Transforming waste into resources, I pioneer sustainable solutions at the intersection of microbiology and engineering. Blending microbiology with cutting-edge engineering, I convert waste into invaluable resources-creating detoxified water, biofuels, and biofertilizers that ensure a healthy planet for generations to come.

Pooja Sharma

Policy and government suggestions for transforming waste into value

Repurposing food waste as a biofertilizer for ornamental gardens stands out as a practical practice that not only mitigates environmental issues but also contributes to the flourishing of green areas. The government should endorse and implement policies that encourage this eco-friendly approach. In the first place, governments can create awareness campaigns to educate citizens about food waste and its benefits as a biofertilizer. By promoting such initiatives, we are contributing to the UN Sustainable Development Goals, particularly Goal 12 on responsible consumption and production.

Moreover, policy frameworks should encourage households, businesses, and local communities to separate food waste for biofertilizer production. Incentives, subsidies, or grants could be introduced to encourage the adoption of composting systems. In addition to these policies, robust waste management infrastructure must be in place to facilitate organic waste collection and processing. It is also important for governments to collaborate with agricultural and horticultural institutions to develop guidelines for the safe and effective use of food waste-derived biofertilizers. By doing this, the practice adheres to environmental and health standards. Consumers and gardeners can be assured of the quality of biofertilizers by implementing rigorous testing and certification processes.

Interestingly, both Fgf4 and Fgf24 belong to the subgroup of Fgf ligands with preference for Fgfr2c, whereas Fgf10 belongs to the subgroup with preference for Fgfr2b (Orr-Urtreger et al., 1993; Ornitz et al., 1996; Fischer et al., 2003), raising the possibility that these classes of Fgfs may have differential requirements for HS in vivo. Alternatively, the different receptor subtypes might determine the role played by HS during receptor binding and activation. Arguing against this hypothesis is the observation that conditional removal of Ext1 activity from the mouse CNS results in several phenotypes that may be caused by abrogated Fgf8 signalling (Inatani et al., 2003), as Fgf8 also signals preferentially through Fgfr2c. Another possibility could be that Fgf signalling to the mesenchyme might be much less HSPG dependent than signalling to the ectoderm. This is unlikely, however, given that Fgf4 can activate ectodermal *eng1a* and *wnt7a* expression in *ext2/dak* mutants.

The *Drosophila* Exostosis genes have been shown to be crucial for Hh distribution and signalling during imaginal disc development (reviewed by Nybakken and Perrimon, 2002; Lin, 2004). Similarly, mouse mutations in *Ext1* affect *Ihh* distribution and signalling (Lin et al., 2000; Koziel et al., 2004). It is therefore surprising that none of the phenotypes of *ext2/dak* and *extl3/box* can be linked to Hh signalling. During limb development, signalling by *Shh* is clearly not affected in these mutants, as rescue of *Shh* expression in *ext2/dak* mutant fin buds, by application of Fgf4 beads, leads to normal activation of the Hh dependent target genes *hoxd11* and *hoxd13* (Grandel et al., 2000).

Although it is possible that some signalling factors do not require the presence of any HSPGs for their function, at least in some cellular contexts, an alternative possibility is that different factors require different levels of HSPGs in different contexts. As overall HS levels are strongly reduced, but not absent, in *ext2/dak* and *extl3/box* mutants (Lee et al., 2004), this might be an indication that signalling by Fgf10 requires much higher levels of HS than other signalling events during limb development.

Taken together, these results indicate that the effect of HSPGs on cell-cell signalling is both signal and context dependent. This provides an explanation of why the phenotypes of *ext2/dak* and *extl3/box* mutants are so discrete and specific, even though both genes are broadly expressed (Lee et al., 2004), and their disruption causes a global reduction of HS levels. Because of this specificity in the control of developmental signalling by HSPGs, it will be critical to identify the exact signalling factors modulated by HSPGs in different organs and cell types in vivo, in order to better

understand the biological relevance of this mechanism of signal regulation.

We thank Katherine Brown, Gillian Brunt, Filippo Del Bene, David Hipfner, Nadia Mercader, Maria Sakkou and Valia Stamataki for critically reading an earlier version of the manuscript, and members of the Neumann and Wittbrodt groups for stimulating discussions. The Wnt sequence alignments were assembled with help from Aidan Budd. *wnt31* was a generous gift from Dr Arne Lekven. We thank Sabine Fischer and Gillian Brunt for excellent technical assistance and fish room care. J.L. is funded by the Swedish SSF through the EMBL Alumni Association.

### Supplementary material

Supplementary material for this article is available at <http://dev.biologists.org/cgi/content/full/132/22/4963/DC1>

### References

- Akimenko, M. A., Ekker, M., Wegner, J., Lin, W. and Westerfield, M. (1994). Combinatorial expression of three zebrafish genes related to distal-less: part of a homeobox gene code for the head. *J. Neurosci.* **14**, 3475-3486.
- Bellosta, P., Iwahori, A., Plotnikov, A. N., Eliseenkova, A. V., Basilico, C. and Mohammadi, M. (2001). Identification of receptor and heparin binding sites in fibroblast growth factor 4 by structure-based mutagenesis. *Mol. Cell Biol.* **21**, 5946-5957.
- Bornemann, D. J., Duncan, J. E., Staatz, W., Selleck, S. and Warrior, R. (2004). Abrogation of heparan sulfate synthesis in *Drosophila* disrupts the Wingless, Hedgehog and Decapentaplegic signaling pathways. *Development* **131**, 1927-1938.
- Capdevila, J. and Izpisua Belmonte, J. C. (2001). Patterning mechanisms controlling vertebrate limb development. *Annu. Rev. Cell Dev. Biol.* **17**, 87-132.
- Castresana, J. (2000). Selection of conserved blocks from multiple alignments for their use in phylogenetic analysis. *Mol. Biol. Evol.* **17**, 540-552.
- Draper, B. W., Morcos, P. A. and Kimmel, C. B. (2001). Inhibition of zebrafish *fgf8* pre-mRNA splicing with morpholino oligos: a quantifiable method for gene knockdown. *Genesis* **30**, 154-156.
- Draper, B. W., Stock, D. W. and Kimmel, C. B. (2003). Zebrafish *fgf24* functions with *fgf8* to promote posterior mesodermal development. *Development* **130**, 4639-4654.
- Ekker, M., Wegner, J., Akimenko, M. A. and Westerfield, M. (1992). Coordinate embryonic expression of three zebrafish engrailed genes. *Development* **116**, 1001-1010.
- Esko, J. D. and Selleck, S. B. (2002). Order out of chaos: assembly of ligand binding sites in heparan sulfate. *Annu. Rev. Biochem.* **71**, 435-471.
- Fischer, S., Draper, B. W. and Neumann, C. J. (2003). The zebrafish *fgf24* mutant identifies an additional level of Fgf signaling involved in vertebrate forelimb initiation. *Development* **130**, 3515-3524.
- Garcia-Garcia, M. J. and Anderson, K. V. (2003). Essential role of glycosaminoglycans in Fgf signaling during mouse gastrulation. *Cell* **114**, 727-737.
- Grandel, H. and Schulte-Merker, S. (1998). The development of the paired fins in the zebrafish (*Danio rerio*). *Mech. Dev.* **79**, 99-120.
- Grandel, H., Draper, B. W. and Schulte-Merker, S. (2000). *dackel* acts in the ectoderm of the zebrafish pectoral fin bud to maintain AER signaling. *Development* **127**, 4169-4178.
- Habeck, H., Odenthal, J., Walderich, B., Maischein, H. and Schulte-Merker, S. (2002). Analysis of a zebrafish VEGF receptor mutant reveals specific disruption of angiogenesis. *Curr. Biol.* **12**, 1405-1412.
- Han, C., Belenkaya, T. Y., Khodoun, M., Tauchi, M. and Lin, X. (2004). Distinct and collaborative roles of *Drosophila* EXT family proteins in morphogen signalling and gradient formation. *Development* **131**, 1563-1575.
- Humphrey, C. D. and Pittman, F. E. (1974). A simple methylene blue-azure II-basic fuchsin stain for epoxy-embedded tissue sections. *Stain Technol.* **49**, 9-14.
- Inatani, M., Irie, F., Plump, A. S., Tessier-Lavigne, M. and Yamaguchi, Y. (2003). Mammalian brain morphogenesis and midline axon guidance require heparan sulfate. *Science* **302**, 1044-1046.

Policy integration and global recognition

The government should integrate these findings into its policy frameworks, highlighting the advantages of reducing waste and promoting sustainable gardening practices. By adopting a comprehensive approach, it is possible to utilize food waste as biofertiliser in ornamental gardens, thereby accelerating the shift towards a more sustainable and greener future. Policies that foster awareness, encourage waste segregation, and uphold safety standards are essential for facilitating this transition. The application of food waste as biofertilizer in ornamental gardens is in harmony with various international and national policies that underscore the significance of sustainable waste management and the principles of a circular economy.

Globally, there is a growing emphasis on circular economy practices, with the European Union (EU) leading through its Circular Economy Action Plan (CEAP). The CEAP prompts member states to engage in sustainable agricultural practices and to minimize food waste. Similarly, South Korea’s Food Waste Recycling Program demonstrates a proactive approach by collecting and converting food waste into biofertilizers.

In the United States, San Francisco’s mandatory composting ordinance has successfully diverted a considerable amount of organic waste, including food waste, from landfills. Singapore’s Zero Waste Masterplan and the United Nations Sustainable Development Goals (SDGs), particularly Goal 12, advocate for sustainable waste management practices to lessen the impact of consumption and production. These initiatives reflect a worldwide recognition of the potential to repurpose food waste for agricultural uses, including in the cultivation of ornamental gardens.

Challenges and opportunity